With the ghosts of its past now roaming the halls, Baron Hotel still stands as a reminder of Syria’s timeless opulence.
It was five o’clock on a winter’s morning in Baron Hotel. The usual, pre-dawn silence befell the halls of Aleppo’s oldest surviving hotel. Housekeepers were arranging fresh linens and plumped pillows, as the seasoned concierge brewed strong coffee for his colleagues. The kitchen ovens churned out golden-brown, fragrant rolls for soon-to-awaken guests who would shortly wander to the breakfast halls. In the otherwise hushed corridors, a singular hallway hummed with activity. On the second floor, outside the threshold of room 203, the unmistakable rhythm of rapid keystrokes resonated - the sound of meticulous fingers dancing across the typewriter keys. There, perched at an ivory desk, sat Agatha Christie, deeply engrossed in crafting the narrative that, a mere year later, would be published as one of her most celebrated literary masterpieces: ‘Murder on the Orient Express’. The queen of mystery was far from the only big name to walk the halls of Baron Hotel.In 1958, Egyptian president Nasser, with dreams of a unified Egyptian-Syrian state, delivered a historic speech from one of the balconies. French president Charles de Gaulle also stayed there, as well as Yuri Gagarin, the first human to venture into outer space.
The list of visitors runs long, and so does the history of the Baron.In 1911, it opened its doors on Gouraud street, later renamed as Baron street, in downtown Aleppo. The building itself is something of a wonder. Sunlight sculpts the façade, revealing a fine tapestry of architectural threads. Neoclassical arches soar skyward, while Ottoman embellishments paint intricate stories on the warm stone. Every detail, from the arched windows to the subtle particulars of the moldings, exudes a certain sense of historic allure.The interior spaces are no different. From the checkered lobby to the guest rooms and dining areas, there is the reflection of traditional Middle Eastern motifs fused with European-style furnishings and decor. The common areas showcase ornate chandeliers, detailed woodwork, and rich textiles, creating an exuberant, palatial atmosphere.But in recent years, a different kind of silence has befallen the halls, and the passionate clicking of a lone typewriter can only be heard in the echoes of history. With the exception of Rubina Mazloumian, the hotel heiress and singular manager, no one, not since the onset of the civil war, has stayed at the hotel.In its abandonment, upkeep has proven to be impossible. The marble stairway is without its long, red carpet– the one that was once rolled out to welcome distinguished visitors. Only its anchors remain fixed to the risers, slowly collecting rust. Transom windows have been taken out, leaving gaps above doors. Antiquated heaters cling to the walls, their functionality long gone, while the wall coatings now hang in tatters.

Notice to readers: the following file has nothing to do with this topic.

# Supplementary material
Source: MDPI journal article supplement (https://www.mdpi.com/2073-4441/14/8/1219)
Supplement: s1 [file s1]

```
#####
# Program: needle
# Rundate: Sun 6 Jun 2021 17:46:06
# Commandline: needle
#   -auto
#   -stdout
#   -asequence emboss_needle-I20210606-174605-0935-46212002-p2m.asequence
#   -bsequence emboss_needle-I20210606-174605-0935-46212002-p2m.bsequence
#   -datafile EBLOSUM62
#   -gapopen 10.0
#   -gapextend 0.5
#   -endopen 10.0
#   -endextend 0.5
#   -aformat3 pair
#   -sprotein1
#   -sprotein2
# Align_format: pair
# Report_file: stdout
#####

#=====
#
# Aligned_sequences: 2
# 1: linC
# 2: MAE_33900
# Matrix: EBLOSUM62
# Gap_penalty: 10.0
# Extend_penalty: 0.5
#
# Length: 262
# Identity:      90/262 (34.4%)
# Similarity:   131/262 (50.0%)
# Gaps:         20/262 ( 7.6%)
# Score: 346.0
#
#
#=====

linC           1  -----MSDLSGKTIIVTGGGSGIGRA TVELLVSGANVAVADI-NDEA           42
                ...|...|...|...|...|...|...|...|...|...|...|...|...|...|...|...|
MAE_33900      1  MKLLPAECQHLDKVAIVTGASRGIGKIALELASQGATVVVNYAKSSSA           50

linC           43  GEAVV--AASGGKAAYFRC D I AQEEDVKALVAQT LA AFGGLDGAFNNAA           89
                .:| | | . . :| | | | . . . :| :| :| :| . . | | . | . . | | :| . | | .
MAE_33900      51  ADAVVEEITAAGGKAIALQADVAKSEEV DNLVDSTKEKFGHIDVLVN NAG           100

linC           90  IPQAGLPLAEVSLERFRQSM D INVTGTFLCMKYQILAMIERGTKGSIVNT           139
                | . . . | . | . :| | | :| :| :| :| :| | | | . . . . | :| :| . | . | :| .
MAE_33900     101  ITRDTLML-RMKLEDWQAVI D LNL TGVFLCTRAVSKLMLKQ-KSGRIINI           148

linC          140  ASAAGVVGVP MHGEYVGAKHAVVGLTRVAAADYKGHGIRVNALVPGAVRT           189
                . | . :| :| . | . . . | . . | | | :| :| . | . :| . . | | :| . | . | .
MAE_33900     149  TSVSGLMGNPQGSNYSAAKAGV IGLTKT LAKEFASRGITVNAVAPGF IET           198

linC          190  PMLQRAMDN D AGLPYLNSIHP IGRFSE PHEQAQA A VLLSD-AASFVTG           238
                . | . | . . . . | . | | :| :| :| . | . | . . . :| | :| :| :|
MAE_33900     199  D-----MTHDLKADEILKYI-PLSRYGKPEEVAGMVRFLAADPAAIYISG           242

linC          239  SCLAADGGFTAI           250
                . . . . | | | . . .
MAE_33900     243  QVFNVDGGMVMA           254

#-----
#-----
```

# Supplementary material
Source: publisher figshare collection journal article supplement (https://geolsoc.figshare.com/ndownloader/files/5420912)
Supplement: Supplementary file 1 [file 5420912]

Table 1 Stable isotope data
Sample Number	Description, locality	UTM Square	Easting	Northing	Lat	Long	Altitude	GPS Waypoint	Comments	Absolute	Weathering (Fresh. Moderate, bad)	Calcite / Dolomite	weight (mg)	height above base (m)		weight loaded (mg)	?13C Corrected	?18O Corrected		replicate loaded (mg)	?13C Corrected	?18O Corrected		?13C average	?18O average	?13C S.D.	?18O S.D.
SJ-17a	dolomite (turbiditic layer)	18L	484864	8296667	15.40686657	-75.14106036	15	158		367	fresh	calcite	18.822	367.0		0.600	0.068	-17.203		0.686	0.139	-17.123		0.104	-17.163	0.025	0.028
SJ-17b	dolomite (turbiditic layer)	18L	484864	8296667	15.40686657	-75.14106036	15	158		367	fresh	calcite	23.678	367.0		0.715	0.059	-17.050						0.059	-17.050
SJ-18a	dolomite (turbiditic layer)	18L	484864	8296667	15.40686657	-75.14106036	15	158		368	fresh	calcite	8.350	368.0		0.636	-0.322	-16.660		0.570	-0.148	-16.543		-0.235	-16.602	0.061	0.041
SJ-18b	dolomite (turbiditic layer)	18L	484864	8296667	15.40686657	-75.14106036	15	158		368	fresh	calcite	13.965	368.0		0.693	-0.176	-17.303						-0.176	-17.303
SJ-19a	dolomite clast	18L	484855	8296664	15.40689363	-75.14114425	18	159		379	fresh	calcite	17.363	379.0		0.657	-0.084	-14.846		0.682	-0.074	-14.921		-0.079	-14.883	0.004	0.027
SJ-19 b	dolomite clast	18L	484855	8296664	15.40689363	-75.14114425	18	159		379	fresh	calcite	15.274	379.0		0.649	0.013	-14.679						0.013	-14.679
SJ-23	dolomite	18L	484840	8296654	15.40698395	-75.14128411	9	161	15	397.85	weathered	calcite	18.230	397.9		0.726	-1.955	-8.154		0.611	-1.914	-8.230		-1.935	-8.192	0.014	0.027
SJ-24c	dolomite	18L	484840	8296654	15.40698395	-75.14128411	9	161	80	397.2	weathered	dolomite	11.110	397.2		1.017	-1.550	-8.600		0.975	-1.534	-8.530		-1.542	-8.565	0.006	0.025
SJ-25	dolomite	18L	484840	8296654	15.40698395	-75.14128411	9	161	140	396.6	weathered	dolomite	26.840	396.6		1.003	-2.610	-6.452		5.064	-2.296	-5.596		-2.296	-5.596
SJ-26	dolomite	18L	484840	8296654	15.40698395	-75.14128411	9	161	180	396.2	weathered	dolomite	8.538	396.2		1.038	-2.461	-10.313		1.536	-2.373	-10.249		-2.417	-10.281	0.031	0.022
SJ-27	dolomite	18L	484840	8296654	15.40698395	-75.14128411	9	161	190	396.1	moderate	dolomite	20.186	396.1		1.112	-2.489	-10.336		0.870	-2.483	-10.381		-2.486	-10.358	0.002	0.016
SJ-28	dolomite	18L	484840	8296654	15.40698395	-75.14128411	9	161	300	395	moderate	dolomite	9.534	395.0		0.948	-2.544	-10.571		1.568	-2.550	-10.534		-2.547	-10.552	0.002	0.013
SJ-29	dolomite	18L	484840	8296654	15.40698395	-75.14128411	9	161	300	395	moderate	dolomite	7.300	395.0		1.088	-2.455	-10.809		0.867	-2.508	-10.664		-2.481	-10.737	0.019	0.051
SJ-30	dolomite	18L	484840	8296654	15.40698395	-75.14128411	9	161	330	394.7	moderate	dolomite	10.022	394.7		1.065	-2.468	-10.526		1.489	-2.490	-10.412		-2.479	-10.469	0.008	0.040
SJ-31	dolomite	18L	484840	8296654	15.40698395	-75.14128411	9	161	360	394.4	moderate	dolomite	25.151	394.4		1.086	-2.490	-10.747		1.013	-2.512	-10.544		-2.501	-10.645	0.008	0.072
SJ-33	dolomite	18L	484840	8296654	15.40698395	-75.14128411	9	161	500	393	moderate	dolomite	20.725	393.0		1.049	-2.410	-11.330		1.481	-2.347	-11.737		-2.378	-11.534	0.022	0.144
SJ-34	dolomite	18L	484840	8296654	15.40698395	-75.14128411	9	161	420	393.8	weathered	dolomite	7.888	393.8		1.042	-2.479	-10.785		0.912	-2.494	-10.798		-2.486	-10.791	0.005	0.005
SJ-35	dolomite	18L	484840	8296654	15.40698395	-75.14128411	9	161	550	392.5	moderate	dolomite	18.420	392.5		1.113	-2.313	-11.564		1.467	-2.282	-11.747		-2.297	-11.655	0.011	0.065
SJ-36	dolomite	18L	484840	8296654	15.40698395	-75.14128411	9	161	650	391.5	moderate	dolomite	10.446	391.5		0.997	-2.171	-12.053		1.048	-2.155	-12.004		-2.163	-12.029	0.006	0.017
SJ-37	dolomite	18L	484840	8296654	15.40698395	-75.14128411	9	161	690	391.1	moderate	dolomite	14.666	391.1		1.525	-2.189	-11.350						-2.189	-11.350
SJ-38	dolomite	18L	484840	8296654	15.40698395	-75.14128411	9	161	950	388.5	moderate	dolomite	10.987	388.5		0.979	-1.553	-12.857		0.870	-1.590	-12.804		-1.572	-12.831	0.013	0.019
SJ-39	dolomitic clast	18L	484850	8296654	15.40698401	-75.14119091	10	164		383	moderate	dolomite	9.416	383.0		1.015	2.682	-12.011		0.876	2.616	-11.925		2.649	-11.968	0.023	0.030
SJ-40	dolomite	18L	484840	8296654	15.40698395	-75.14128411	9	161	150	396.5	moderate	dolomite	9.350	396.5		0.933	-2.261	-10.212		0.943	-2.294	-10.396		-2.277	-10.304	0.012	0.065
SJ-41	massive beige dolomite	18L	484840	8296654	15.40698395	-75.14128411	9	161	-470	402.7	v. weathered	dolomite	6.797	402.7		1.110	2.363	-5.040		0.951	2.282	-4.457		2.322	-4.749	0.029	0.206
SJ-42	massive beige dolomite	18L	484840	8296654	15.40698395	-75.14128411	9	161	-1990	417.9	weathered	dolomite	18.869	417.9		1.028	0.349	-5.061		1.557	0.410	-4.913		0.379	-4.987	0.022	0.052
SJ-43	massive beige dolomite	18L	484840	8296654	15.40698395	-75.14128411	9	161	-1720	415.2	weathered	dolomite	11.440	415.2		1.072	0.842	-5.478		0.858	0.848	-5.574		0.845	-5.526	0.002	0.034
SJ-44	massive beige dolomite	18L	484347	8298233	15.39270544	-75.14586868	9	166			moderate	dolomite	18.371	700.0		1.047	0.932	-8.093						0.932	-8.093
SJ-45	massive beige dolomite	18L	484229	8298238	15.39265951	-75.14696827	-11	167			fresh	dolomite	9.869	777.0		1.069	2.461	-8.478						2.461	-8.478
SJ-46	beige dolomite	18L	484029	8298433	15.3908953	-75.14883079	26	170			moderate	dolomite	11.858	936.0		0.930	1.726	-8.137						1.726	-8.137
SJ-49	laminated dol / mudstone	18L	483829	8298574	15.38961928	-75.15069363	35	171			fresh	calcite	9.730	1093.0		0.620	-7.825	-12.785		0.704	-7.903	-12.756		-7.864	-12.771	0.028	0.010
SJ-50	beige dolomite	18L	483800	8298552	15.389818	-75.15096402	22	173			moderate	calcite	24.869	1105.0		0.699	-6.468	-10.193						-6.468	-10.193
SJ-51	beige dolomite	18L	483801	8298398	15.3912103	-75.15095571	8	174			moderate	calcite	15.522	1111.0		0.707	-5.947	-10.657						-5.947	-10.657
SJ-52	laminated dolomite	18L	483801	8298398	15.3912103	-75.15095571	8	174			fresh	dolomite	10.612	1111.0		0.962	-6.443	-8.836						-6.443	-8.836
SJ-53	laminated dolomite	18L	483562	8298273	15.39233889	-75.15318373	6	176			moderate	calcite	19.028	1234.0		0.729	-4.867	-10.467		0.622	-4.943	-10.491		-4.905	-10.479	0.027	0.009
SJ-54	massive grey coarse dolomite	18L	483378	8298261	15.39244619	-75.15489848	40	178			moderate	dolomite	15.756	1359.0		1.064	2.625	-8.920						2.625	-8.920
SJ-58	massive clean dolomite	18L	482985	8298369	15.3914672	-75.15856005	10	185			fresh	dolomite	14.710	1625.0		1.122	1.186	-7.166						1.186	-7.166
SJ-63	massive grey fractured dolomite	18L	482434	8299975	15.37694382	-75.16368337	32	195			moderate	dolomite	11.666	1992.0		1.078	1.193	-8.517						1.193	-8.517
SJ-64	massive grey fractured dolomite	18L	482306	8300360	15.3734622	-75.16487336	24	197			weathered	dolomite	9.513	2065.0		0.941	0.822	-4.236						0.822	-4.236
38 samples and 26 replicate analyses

In the Telex room, a weathered switchboard still stands, where plugs were detached and replugged into many numbered jacks, connecting incoming calls to the desired room. In every room, there are rotary phones, their presence echoing a bygone era.Time and war have carved their unforgiving mark upon Baron Hotel, yet one room stands resilient – the bar. Cement tiles, once polished to a glassy shine, now bear the etchings of years, each crack a weathered chronicle. Massive windows, once brimming with light, gaze out upon a world that has moved on. But within, a defiant spirit lingers. Behind the bar, an ivory alcove guards its treasures – dozens of bottles, amber, emerald, and topaz, their labels just beginning to fade. In a sun-dappled corner, brown leather chairs huddle around a table, their worn contours hinting at countless elbows propped, stories swapped, laughter echoing. On a bar cart, a defiant battalion of bottles stands ready – remnants of an era when liquid magic still flowed. It is said that Lawrence of Arabia once sat in that bar, eyes like desert storms, swirling a ruby glass of red, his voice weaving tales to fellow patrons.Despite the encroaching dust, Baron Hotel remains a monument to a bygone era, its grandeur refusing to be completely extinguished. Even in its present state, it evokes a sense of intrigue, telling forgotten stories through chipped paint and cobwebbed corners. Perhaps one day, Agatha's typewriter, unearthed by a curious soul, will once again echo through the halls, a new chapter unfurling in the grand narrative of this timeless Aleppo monument.